Bade Miyan Chote Miyan review: Akshay Kumar, Tiger Shroff serve a formulaic action spectacle with abundant swag | Bollywood - Hindustan Times

Bade Miyan Chote Miyan review: Akshay Kumar, Tiger Shroff serve a formulaic action spectacle with abundant swag

Apr 11, 2024 03:10 PM IST

Bade Miyan Chote Miyan review: Akshay Kumar and Tiger Shroff's chemistry is the highlight of this Ali Abbas Zafar 'action film by numbers'.

Is bringing two big action stars together a job almost done? Star power does help create the right buzz to some extent and Bade Miyan Chote Miyan ticks most boxes when it comes to serving a masala entertainer that's massy and classy at the same time. But does it really promise a good time at the movies? It has some good-looking actors, stunning locations, high-octane action, quality VFX, and to top it all, a director like Ali Abbas Zafar who has helmed blockbusters such as Sultan and Tiger Zinda Hai. But where is the novelty?

Bade Miyan Chote Miyan review: Akshay Kumar and Tiger Shroff fight deadliest psychopath in the film.
Bade Miyan Chote Miyan review: Akshay Kumar and Tiger Shroff fight deadliest psychopath in the film.

Even the storyline, where heroes Akshay Kumar and Tiger Shroff are trying to save 'Karan Kavach', the most dangerous weapon India has made to protect itself from Pakistan and China, seems lifted from the 2022, Aditya Roy Kapur-starrer Rashtra Kavach Om. My congratulations if you managed to survive that film.

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A mix of Bollywood, Hollywood action movies

Coming back to BMCM, its screenplay ends up looking like pieces picked from Pathaan, Jawan, War and Marvel films. There is barely anything in the film that you have not seen in the past. To put it simply, it's the recycled version of all done to death tropes that Bollywood has been relying for a tad too long now.

Captain Firoz aka Freddy (Akshay Kumar) and Captain Rakesh aka Rocky (Tiger Shroff), two of the best court-martialled officers are brought back into Indian Forces, led by Colonel Adil Shekhar Azad (Ronit Bose Roy), to save the country from a masked enemy, Kabir (Prithviraj Sukumaran), and bring back from him a very important 'package' aka Karan Kavach that he has stolen. Assisted by Captain Misha (Manushi Chillar), and IT specialist Pam (Alaya F), the mission is all about saving the country. Officer Priya Dixit (Sonakshi Sinha) is also a part of the mission, though she is the one to be rescued after a series of events unfold. How friends turn enemies and the good stands in way of the evil is what forms the crux of Bade Miyan Chote Miyan that stretches for 164 minutes.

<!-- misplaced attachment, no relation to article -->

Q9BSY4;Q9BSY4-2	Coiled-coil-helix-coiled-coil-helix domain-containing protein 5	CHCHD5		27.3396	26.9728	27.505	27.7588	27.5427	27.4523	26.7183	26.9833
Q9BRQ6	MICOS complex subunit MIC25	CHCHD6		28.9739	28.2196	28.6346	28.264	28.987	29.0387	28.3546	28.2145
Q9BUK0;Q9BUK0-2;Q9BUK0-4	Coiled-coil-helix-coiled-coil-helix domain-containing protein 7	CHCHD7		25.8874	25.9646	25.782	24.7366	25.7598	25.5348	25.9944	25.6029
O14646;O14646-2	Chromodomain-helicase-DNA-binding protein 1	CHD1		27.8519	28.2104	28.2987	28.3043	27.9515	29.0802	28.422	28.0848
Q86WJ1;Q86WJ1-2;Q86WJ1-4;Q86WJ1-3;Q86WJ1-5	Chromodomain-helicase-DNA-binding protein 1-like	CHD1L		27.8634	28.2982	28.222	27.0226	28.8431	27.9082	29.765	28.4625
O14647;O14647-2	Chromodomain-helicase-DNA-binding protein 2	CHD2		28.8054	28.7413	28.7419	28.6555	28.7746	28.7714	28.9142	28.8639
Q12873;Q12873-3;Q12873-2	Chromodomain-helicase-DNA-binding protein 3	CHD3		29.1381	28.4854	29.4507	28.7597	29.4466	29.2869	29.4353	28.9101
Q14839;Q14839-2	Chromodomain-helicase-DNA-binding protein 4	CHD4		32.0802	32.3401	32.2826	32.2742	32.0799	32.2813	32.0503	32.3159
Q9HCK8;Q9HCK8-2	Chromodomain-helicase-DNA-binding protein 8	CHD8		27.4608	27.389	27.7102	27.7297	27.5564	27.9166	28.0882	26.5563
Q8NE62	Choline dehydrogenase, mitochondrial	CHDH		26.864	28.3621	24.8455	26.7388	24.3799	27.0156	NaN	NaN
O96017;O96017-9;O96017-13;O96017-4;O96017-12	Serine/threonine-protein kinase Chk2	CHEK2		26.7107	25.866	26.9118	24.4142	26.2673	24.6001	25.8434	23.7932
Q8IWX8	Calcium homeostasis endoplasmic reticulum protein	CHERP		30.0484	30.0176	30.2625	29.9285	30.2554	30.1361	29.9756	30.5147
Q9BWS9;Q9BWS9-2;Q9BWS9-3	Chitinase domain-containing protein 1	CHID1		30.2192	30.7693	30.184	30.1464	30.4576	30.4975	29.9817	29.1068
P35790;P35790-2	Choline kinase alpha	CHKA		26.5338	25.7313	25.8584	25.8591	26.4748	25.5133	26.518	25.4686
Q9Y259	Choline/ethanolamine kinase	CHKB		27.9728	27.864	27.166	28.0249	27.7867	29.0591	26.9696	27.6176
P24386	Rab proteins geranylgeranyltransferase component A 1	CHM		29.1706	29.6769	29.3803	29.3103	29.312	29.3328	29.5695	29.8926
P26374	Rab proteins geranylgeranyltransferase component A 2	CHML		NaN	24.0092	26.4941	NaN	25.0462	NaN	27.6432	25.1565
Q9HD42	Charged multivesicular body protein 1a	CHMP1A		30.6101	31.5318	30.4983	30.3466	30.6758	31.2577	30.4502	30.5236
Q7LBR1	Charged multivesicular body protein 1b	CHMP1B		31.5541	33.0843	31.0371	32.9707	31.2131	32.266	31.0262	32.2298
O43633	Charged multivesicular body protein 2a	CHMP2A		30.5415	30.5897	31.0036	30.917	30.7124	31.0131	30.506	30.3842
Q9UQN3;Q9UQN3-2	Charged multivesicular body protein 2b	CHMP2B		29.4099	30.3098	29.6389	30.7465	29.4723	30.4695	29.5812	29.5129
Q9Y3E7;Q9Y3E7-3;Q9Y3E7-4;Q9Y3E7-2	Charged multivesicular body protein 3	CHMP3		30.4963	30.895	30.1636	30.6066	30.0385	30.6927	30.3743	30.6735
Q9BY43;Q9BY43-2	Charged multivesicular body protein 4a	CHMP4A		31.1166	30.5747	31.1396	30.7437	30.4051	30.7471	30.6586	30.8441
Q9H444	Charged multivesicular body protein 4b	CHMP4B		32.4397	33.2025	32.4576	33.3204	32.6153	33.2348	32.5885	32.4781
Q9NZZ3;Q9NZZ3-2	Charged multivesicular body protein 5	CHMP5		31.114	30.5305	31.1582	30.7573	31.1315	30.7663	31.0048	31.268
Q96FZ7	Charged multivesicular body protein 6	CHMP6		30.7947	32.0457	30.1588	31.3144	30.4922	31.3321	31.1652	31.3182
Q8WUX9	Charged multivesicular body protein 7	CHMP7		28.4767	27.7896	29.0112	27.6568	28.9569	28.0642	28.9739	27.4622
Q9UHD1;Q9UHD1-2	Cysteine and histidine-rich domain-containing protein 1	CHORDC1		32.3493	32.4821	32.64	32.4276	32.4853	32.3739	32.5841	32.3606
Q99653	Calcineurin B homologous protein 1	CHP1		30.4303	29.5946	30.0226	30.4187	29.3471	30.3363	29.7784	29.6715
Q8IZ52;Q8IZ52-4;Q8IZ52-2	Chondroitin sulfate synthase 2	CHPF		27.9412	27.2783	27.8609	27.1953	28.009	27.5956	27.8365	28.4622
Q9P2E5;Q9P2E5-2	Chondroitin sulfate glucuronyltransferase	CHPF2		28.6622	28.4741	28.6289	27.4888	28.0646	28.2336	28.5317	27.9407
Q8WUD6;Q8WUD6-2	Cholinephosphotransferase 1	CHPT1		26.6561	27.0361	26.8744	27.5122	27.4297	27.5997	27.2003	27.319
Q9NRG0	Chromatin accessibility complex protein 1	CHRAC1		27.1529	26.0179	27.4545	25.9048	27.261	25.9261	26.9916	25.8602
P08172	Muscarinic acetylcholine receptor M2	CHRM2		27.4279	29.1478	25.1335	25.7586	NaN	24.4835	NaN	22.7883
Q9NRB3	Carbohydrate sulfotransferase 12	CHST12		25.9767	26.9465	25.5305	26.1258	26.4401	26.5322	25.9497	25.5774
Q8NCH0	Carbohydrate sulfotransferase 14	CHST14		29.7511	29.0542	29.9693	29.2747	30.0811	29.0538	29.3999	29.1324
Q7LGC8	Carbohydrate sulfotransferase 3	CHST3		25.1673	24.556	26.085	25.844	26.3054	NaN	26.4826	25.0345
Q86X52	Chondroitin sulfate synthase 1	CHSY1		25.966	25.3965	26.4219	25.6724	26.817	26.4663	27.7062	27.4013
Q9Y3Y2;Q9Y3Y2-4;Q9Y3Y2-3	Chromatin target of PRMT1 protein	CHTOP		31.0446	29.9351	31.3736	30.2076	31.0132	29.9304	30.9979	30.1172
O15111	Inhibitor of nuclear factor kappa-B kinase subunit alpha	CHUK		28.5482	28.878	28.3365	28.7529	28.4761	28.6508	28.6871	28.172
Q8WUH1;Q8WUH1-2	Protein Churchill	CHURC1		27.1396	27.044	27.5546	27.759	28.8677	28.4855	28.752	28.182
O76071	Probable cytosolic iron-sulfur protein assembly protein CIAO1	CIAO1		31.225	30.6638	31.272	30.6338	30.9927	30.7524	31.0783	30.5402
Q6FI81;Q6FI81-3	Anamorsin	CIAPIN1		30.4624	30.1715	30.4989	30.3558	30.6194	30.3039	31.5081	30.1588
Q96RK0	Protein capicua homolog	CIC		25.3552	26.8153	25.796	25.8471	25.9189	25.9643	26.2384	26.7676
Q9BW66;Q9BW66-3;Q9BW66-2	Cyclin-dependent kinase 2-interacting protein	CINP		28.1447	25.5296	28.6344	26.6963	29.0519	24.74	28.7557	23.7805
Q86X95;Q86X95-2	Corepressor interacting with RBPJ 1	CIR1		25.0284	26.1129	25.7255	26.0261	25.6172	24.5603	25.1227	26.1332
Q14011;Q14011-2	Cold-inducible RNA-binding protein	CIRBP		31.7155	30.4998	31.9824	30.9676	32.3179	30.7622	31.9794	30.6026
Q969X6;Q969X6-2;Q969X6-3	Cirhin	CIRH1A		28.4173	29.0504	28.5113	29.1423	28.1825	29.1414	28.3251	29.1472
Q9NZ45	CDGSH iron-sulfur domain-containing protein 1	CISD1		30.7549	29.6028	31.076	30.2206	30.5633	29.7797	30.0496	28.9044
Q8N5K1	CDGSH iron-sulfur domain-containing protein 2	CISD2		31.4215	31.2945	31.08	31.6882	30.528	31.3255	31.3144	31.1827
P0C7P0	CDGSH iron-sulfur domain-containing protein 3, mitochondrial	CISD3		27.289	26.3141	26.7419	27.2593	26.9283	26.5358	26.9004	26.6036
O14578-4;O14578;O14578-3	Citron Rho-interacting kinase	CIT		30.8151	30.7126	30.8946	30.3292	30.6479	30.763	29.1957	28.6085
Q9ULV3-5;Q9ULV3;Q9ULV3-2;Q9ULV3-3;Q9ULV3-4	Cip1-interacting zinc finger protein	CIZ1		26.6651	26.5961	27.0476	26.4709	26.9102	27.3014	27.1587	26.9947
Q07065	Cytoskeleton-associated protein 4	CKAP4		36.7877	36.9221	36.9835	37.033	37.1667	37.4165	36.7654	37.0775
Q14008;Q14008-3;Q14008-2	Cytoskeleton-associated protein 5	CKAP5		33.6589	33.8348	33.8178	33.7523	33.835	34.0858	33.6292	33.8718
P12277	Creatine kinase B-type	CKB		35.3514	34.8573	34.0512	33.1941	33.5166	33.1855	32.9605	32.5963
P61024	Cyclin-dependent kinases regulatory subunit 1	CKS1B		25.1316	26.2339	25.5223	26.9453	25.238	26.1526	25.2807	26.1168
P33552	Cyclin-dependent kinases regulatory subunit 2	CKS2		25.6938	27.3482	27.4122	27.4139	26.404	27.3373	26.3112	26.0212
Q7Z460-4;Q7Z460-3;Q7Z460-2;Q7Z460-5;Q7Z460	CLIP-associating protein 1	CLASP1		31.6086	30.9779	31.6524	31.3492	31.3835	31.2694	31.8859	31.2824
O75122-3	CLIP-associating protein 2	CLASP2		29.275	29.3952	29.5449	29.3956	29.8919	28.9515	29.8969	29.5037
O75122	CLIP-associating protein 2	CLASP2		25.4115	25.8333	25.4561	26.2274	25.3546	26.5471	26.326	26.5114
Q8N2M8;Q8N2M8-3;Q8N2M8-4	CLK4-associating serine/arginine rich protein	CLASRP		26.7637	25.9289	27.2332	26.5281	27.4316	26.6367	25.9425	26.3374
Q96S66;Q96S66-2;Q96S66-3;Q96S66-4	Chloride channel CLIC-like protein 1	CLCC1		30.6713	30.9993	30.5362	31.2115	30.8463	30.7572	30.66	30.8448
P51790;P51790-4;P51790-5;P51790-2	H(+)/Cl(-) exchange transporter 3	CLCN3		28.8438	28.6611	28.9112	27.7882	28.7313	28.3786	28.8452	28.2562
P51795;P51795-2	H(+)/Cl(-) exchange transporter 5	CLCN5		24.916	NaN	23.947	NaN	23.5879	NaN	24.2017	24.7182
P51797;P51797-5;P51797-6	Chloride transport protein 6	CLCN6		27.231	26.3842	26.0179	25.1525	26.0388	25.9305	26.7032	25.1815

Honestly, I have stopped looking for any logic when it comes to action films. Not that all of them are brainless! Written by Suraj Gianani and Ali Abbas Zafar, BMCM does have a storyline that could have been promising -- but the execution gets so overboard that you barely focus on the story. It's all about gunshots, bomb blasts, planes and cars being set ablaze, and each time you see fire on the screen, the heroes walk in slo-mo, expecting us to not blink an eye. Also, audiences have cheered enough last year when they saw some raw action in Pathaan, Jawan and Tiger 3. Replicating it in Bade Miyan Chote Miyan doesn't really make it an equally good watch. Imagine justifying how Akshay and Tiger, despite being injured, always manage to get back on their feet and fight it out with the same force. We hear an officer say, 'Yeh jiss regiment se aate hain, uska naam hai Lions, aur iss regiment ka soldier jitna zakhmi hota hai utna zyada khatarnaak hota hai'. What a cleverly placed dialogue!